The problem with hip pain caused by arthritis is a great concern for the ageing population. However, with the introduction of hip resurfacing, it is made possible to resolve this problem with minimal bone loss, health care providers say. This is one of the alternatives to total hip replacement surgery that some surgeons are performing, especially among younger individuals. The sad part is that the procedure may not be advisable for all because there might be some problems when it is performed in individuals who are not suited for it. Nowadays, most patients are trying to avoid having a hip replacement and are looking for other alternatives because of the Pinnacle hip failures detected in ultrasound imaging reported by some people.
Before the surgeon advices the patient to go through the operation, there are some requirements that need to meet and have exhausted all the non-surgical means of addressing the hip pain. Gender, type of body frame and age are factor that may affect the success of the procedure.
Men are more favorable to undergo this type of surgery compared with women, according to a study. The failure rate in women was unexpectedly high, unlike in men, which made surgeons decide not to perform the said operation on women, according to the Telegraph.
Type of Body Frame
Large-framed individuals who have high bone density may be able to benefit more from this surgical treatment. Those who have a smaller frame are at risk of fracturing the neck of the femur which is considered to be one of the most common concerns after the surgical operation. The femoral neck is sculpted to attach the prosthetic ball and stem.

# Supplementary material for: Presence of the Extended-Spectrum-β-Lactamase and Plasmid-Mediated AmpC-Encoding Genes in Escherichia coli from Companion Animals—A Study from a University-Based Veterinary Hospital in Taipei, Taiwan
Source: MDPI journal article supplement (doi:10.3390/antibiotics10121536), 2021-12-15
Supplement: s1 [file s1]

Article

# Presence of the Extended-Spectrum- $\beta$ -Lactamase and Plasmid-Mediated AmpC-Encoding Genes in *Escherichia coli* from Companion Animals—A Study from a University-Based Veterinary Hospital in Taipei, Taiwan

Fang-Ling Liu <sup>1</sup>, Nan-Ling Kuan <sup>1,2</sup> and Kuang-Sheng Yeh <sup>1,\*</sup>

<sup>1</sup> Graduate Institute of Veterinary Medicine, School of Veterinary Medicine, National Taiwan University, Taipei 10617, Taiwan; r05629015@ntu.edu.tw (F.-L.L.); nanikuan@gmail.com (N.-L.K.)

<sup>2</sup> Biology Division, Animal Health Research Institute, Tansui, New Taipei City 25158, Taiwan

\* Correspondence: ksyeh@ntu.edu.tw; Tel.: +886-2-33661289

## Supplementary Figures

Younger individuals less than 50 years old are able to go through this operation with lesser complications, according to the Dr. Craig Della Valle in his interview for the Saturday Evening Post. Fracture is still the problem in this category and is likely because of the decrease in bone density brought about by aging.
It is important to see if one qualifies for the procedure before deciding on having it. The surgeon is tasked to explain all the related risks and benefits of the said surgical treatment to the patient. Some of the risks are similar to that of the all-metal total hip replacement except for the femoral neck fracture. The patient may need to be monitored even after surgery to ensure that there are no complications.